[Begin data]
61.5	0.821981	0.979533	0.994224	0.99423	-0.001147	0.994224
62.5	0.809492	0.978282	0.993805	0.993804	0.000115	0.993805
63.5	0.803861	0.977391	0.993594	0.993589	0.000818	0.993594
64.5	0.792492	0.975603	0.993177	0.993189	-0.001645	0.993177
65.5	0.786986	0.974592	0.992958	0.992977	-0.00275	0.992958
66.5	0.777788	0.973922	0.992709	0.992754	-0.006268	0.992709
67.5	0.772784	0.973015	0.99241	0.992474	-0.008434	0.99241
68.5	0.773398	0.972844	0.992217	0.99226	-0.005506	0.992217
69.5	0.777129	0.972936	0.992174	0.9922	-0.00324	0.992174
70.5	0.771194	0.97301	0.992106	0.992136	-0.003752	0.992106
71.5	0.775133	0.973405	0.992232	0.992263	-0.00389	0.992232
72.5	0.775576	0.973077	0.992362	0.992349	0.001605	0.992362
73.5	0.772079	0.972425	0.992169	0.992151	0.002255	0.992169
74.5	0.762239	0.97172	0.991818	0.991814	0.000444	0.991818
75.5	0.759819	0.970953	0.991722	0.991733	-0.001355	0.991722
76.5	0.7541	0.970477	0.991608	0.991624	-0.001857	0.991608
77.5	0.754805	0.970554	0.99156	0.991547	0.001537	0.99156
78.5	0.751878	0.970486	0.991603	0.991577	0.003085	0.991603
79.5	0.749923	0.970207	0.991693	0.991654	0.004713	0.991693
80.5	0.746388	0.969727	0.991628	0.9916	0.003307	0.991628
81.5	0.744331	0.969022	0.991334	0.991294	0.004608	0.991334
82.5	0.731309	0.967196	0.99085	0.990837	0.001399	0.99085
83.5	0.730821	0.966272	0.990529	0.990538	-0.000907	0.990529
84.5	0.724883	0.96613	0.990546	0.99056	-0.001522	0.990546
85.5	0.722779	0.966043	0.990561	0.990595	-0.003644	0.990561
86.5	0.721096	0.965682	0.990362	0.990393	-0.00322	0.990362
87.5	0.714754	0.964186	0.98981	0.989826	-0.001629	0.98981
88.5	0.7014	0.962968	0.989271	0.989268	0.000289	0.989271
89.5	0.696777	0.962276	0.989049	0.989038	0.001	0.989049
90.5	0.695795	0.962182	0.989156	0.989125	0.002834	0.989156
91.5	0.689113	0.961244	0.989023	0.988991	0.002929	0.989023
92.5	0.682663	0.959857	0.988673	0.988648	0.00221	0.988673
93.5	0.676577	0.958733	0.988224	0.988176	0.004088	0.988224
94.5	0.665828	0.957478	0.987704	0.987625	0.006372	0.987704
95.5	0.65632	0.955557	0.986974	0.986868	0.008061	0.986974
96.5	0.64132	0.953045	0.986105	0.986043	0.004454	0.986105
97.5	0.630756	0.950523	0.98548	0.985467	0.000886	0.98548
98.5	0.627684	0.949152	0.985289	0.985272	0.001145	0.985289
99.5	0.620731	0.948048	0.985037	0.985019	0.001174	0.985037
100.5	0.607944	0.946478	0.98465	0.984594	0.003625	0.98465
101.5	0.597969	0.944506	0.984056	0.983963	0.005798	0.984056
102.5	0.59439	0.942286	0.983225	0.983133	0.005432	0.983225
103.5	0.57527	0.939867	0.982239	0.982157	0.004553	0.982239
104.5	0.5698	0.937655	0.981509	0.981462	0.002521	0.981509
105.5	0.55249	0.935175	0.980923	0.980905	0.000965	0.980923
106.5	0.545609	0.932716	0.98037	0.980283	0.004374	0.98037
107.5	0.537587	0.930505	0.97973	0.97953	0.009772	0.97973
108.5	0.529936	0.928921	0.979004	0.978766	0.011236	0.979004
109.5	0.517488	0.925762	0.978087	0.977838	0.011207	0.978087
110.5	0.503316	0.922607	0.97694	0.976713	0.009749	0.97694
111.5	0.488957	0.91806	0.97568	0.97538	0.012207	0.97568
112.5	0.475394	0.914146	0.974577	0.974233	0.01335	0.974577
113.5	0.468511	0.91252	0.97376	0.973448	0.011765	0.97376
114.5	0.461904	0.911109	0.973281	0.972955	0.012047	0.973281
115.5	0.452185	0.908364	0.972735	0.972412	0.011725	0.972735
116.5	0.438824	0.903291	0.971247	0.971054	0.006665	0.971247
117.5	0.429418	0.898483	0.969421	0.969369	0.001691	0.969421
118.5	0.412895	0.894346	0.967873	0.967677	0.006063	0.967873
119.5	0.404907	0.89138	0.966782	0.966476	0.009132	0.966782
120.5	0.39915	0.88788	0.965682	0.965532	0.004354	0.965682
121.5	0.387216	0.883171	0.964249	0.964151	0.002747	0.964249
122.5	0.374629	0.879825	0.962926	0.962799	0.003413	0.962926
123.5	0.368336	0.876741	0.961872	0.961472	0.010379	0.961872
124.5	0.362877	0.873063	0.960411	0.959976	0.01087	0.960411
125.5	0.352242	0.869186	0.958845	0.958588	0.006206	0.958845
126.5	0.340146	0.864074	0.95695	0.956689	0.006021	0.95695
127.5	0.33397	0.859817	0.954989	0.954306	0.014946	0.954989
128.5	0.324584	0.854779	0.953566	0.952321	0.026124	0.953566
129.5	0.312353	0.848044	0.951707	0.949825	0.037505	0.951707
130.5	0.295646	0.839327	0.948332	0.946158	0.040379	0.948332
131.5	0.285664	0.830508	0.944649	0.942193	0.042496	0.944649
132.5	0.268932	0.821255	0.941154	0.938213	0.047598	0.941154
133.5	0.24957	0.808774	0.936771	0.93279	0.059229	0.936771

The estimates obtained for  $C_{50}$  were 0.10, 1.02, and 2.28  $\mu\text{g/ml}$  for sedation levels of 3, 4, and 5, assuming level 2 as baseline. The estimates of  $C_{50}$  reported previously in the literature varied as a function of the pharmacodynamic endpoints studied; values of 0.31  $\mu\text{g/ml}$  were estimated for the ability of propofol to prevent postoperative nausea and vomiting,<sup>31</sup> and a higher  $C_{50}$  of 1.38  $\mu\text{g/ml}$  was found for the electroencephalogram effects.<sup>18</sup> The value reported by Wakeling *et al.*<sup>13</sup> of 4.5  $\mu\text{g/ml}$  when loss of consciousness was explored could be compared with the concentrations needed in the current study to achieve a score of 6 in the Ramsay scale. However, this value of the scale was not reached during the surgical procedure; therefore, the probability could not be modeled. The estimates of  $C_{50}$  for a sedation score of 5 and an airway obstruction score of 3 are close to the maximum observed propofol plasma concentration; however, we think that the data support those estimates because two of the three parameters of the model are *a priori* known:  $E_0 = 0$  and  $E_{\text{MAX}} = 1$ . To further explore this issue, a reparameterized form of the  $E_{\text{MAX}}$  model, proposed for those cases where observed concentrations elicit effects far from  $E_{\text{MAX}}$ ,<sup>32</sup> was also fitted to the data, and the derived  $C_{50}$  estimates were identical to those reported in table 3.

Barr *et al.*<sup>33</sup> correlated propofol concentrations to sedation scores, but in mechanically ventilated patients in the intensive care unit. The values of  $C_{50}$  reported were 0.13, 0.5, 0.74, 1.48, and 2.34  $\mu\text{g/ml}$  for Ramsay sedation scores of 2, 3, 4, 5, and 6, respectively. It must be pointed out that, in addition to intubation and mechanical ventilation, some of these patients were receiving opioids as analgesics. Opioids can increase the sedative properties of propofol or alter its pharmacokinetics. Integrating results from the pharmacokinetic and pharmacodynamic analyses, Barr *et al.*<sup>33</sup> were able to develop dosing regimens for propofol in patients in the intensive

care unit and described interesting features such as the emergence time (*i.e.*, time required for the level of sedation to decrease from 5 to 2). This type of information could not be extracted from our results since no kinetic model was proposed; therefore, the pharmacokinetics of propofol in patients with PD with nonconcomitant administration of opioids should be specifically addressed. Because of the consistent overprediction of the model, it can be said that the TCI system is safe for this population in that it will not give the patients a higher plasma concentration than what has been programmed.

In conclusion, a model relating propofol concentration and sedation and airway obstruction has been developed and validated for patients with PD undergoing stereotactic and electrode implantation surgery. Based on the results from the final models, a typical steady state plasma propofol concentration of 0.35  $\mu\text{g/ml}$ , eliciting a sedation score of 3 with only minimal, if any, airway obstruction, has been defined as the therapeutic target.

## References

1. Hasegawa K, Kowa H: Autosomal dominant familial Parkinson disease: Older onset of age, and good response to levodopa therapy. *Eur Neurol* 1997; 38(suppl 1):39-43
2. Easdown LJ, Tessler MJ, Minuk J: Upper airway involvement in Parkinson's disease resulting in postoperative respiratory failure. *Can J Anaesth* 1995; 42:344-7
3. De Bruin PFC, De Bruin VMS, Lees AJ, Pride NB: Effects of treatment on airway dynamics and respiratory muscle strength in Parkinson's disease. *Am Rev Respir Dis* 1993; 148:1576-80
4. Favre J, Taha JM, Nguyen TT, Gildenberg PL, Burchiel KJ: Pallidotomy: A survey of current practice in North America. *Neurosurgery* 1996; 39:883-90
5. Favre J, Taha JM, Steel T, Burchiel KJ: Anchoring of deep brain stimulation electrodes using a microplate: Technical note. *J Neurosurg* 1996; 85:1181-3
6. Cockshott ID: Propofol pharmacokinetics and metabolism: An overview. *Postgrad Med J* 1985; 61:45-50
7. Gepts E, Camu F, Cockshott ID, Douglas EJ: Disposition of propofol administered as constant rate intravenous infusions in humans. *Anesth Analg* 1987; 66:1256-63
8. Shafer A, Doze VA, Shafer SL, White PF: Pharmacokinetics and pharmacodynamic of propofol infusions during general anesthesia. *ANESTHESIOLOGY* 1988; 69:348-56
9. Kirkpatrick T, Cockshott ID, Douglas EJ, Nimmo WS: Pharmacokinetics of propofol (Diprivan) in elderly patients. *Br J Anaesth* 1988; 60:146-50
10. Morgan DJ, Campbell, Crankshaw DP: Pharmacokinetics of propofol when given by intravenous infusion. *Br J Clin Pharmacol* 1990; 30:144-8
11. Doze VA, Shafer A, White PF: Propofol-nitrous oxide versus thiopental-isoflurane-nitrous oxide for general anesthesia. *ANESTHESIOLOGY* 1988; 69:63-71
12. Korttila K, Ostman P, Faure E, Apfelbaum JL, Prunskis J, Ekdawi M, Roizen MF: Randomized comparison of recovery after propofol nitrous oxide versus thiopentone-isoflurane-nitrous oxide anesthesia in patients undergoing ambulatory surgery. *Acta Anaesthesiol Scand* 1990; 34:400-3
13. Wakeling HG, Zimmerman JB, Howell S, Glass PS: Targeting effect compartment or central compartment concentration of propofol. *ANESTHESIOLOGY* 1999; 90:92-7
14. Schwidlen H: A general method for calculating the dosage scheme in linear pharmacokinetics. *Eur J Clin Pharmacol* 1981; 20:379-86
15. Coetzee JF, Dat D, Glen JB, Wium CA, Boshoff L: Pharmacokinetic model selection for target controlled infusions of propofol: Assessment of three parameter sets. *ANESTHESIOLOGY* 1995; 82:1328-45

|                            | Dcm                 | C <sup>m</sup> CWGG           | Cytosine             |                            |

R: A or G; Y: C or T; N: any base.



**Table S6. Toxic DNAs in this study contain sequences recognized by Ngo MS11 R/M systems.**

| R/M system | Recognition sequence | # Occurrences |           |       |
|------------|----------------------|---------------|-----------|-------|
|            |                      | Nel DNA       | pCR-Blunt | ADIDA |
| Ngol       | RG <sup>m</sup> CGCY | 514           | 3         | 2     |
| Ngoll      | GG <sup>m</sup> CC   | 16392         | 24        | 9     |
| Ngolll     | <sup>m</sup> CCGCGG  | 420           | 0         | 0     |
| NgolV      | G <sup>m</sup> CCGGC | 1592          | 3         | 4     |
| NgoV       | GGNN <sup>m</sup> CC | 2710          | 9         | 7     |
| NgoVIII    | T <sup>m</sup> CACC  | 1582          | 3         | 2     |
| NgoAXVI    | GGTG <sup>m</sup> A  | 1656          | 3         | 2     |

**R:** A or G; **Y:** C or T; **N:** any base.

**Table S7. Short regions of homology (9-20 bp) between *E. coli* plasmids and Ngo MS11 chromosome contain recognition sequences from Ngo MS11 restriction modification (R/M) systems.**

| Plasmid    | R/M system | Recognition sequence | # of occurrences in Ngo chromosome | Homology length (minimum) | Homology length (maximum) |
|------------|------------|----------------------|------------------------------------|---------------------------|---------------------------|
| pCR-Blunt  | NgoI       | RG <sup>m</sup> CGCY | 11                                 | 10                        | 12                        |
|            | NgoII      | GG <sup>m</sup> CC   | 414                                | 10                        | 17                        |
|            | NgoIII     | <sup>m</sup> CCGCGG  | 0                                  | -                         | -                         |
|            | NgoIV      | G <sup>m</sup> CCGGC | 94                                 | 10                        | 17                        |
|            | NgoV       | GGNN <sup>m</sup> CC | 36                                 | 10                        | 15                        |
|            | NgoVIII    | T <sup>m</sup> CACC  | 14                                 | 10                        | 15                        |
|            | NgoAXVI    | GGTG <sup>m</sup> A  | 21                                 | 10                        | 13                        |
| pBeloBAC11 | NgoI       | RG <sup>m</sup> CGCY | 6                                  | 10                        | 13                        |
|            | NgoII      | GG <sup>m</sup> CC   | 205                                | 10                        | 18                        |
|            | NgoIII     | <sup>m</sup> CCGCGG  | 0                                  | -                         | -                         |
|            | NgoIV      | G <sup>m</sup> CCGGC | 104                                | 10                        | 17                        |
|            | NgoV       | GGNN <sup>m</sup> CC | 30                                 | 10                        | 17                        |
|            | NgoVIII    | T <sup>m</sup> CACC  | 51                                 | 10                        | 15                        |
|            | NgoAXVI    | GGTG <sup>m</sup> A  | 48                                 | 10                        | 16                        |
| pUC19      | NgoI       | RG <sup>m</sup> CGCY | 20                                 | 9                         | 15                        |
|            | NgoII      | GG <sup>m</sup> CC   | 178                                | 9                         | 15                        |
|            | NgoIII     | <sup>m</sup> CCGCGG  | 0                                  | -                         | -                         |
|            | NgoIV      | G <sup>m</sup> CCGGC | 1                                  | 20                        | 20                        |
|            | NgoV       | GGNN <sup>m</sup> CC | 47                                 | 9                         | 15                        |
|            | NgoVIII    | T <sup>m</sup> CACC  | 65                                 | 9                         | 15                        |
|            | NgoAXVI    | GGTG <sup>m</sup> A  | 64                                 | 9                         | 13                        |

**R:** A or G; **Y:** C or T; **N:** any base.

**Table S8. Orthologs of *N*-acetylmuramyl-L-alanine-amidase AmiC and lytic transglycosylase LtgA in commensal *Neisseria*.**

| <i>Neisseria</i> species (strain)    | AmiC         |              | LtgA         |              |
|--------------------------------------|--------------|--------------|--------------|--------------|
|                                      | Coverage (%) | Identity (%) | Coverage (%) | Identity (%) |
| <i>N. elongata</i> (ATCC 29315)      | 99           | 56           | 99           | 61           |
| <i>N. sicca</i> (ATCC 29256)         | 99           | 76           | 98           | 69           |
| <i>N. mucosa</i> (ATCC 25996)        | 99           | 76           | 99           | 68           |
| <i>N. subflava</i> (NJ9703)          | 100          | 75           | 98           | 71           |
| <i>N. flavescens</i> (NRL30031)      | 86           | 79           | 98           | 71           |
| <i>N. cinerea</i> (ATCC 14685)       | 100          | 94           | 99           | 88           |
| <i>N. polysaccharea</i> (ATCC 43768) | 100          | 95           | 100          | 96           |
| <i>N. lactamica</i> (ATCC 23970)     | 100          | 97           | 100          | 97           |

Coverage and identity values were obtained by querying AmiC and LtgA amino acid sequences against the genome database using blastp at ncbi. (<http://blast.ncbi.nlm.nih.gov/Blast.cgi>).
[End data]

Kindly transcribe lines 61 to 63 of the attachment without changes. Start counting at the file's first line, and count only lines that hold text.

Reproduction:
121.5	0.387216	0.883171	0.964249	0.964151	0.002747	0.964249
122.5	0.374629	0.879825	0.962926	0.962799	0.003413	0.962926
123.5	0.368336	0.876741	0.961872	0.961472	0.010379	0.961872